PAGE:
In Kenya, HP+ helped national and Mombasa county government actors in 2021 and 2022 make a strong investment case for family planning during the country’s elaborate budget process. Despite decreased revenue due to COVID-19, government allocation for family planning commodities went up by about 38 percent from FY 2021/22 (about US$8.2 million) to FY 2022/23 (about US$11.3 million). Mombasa county allocated its first domestic family planning funds for FY 2022/23, around US$46,000 (KES 5.4 million). With HP+ support, Mombasa county government officials also defined priority family planning activities and a family planning commodity security action agenda.
The Government of Mali’s Ministerial Council voted to approve a decree formalizing the status of community health workers (CHW) as an official cadre of health personnel. The adoption of this policy is the culmination of seven years of HP+ partnership with Mali’s Ministry of Health and specifically its Devolution and Decentralization Support Unit (CADD). HP+’s support of CHWs began in 2015 with a diagnostic situational analysis and has since included the development of a dynamic GIS data mapping tool, resource mobilization, capacity strengthening, advocacy, and more. This is a transformative achievement which will protect the status and rights of more than 3,000 CHWs across Mali and mandate the payment of CHWs’ stipends with domestic resources rather than external funds. Dr. Baboua Traore, director of the CADD, noted, “This entire process started when your organization [HP+] drew the health department’s attention to the termination of work contracts of this type of personnel [CHWs] in the regions of Kayes and Sikasso.”
During Kenya’s budgeting process for fiscal year 2022/23, HP+ provided technical assistance to the national strategic health programs (HIV, malaria, and reproductive, maternal, neonatal, child and adolescent health) to secure increased budget allocations to finance their priorities. During the budgetary discussions, program teams presented implementation priorities and defended their budget proposals before a resource allocation panel convened by the National Treasury. HP+ supported the program teams to develop their annual budget plans and justification summaries for their proposed budgets. The final budget proposals from all ministries will be consolidated and submitted to the national legislative assembly for approval in March 2022. In the previous year, similar efforts by HP+ led to increased allocations. If approved as submitted, the programs will receive increased allocations compared to the prior year. For example, the reproductive, maternal, neonatal, child and adolescent health/family planning program will receive KES 990 million, an increase from KES 863 million allocated in FY 2020/21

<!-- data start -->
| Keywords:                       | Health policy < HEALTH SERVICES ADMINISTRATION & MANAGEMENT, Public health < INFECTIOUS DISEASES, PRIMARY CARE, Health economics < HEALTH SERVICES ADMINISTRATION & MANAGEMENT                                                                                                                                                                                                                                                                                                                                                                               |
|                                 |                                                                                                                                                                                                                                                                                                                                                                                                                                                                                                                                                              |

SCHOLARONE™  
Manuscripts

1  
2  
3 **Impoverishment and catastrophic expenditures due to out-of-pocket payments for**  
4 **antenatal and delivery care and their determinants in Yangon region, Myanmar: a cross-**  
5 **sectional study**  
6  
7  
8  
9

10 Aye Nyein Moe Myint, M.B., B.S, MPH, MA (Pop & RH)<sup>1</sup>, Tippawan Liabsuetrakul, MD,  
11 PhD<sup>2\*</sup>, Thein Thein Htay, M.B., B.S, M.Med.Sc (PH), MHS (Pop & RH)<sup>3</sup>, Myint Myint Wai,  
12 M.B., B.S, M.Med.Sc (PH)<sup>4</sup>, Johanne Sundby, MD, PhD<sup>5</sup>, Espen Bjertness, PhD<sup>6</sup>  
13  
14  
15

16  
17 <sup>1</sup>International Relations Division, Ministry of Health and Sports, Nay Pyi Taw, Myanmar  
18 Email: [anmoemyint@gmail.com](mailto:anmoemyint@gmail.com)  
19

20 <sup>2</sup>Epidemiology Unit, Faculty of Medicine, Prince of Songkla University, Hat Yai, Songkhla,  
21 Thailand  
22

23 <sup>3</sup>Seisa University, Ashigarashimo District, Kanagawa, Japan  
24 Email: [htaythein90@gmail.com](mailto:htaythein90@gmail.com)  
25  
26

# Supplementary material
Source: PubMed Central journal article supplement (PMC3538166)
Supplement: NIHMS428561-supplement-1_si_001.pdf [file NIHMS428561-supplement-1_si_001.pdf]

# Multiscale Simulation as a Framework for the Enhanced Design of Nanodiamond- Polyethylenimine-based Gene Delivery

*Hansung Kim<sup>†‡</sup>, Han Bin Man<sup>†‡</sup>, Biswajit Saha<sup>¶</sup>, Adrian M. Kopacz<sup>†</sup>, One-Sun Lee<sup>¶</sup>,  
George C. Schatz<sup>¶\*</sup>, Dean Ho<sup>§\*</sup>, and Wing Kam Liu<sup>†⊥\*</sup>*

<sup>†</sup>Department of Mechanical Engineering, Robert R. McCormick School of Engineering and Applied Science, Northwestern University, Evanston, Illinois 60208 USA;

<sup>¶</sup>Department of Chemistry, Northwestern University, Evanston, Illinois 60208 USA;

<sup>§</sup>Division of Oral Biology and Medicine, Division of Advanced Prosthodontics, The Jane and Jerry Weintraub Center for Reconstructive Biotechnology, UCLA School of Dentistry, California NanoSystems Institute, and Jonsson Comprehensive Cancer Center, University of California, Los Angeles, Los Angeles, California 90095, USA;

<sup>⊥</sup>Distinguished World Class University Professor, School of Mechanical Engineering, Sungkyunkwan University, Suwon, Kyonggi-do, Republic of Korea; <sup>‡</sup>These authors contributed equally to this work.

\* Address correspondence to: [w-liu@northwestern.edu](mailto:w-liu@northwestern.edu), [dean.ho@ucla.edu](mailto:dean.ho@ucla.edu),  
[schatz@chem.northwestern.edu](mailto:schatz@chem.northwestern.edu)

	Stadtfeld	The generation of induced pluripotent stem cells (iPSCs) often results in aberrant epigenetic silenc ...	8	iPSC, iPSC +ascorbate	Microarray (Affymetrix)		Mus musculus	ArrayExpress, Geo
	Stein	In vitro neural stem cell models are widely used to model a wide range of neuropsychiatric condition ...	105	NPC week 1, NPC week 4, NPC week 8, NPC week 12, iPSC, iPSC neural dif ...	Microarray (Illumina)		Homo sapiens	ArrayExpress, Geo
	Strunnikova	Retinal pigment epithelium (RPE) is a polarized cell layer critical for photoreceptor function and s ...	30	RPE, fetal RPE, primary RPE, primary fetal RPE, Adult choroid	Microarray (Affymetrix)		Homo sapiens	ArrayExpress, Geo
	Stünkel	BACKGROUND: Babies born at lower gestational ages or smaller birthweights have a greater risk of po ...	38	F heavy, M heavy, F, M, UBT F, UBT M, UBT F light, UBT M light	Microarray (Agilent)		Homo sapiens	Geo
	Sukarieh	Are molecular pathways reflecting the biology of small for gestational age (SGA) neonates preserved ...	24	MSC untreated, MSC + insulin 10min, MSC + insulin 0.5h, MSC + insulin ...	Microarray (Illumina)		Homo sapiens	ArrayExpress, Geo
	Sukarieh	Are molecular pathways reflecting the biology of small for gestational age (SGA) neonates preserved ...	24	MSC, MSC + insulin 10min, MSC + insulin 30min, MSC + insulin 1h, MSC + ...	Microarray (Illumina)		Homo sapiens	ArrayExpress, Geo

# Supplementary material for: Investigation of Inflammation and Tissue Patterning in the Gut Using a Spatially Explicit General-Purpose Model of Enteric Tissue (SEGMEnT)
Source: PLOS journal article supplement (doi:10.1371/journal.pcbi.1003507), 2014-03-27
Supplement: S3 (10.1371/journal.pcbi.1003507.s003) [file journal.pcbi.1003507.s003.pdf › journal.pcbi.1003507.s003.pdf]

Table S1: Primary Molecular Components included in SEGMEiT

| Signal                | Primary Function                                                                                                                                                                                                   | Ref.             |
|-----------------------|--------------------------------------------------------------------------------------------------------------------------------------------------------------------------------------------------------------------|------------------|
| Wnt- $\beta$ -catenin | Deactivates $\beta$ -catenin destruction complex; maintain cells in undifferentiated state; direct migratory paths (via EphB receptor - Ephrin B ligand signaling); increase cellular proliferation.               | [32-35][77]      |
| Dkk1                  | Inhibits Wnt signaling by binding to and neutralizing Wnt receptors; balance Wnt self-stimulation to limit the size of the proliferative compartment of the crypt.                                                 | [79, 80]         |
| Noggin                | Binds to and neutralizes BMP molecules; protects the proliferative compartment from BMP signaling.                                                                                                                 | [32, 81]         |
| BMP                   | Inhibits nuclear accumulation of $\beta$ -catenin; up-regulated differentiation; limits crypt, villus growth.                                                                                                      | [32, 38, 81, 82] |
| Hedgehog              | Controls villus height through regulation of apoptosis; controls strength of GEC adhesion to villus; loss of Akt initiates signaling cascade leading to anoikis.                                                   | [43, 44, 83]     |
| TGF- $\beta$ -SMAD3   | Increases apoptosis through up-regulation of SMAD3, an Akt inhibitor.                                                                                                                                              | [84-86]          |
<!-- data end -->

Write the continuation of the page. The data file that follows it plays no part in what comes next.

At a roundtable event held on September 28, 2021, the president of the Republic of Madagascar, ministry officials, and technical and financial partners signed the country's official FP2030 commitment. HP+ supported the Ministry of Public Health to organize and facilitate the event to renew the country’s commitment to family planning, including a pledge to increase family planning resources. HP+ also supported efforts to define the country's objectives for 2030 and presented the economic incentives and investment case for family planning at the roundtable. The gathering brought together 200 participants, including senators, parliamentarians, government ministry officials, technical and financial partners, and leaders from civil society. The next step is for the Family Planning Committee, led by the Directorate of Family Health, to develop a 2022–2023 national costed implementation plan to achieve Madagascar’s FP2030 commitments through improved communication, domestic resource mobilization, service delivery and access, and monitoring and evaluation.
In August 2021, the National Alliance of Indigenous Women's Organizations for Reproductive Health (ALIANMISAR) and the Human Rights Ombudsman's Office (PDH) completed their most recent indicator data collection and health clinic monitoring using the V1000D monitoring tool. Previously, HEP+ supported the development of the tool—which houses indicators related to health services, products, and human resources—and has strengthened the capacity of ALIANMISAR to conduct data analysis and advocacy. The monitoring exercise revealed an undersupply of family planning methods, ferrous sulfate, and rotavirus and pneumococcal vaccines as most doctors were busy attending to COVID-19 patients, limiting their availability to provide other essential health services. ALIANMISAR presented department-level findings to relevant health area directorates to make the case for solutions to health service issues. PDH will compile and share findings and recommendations at the national level.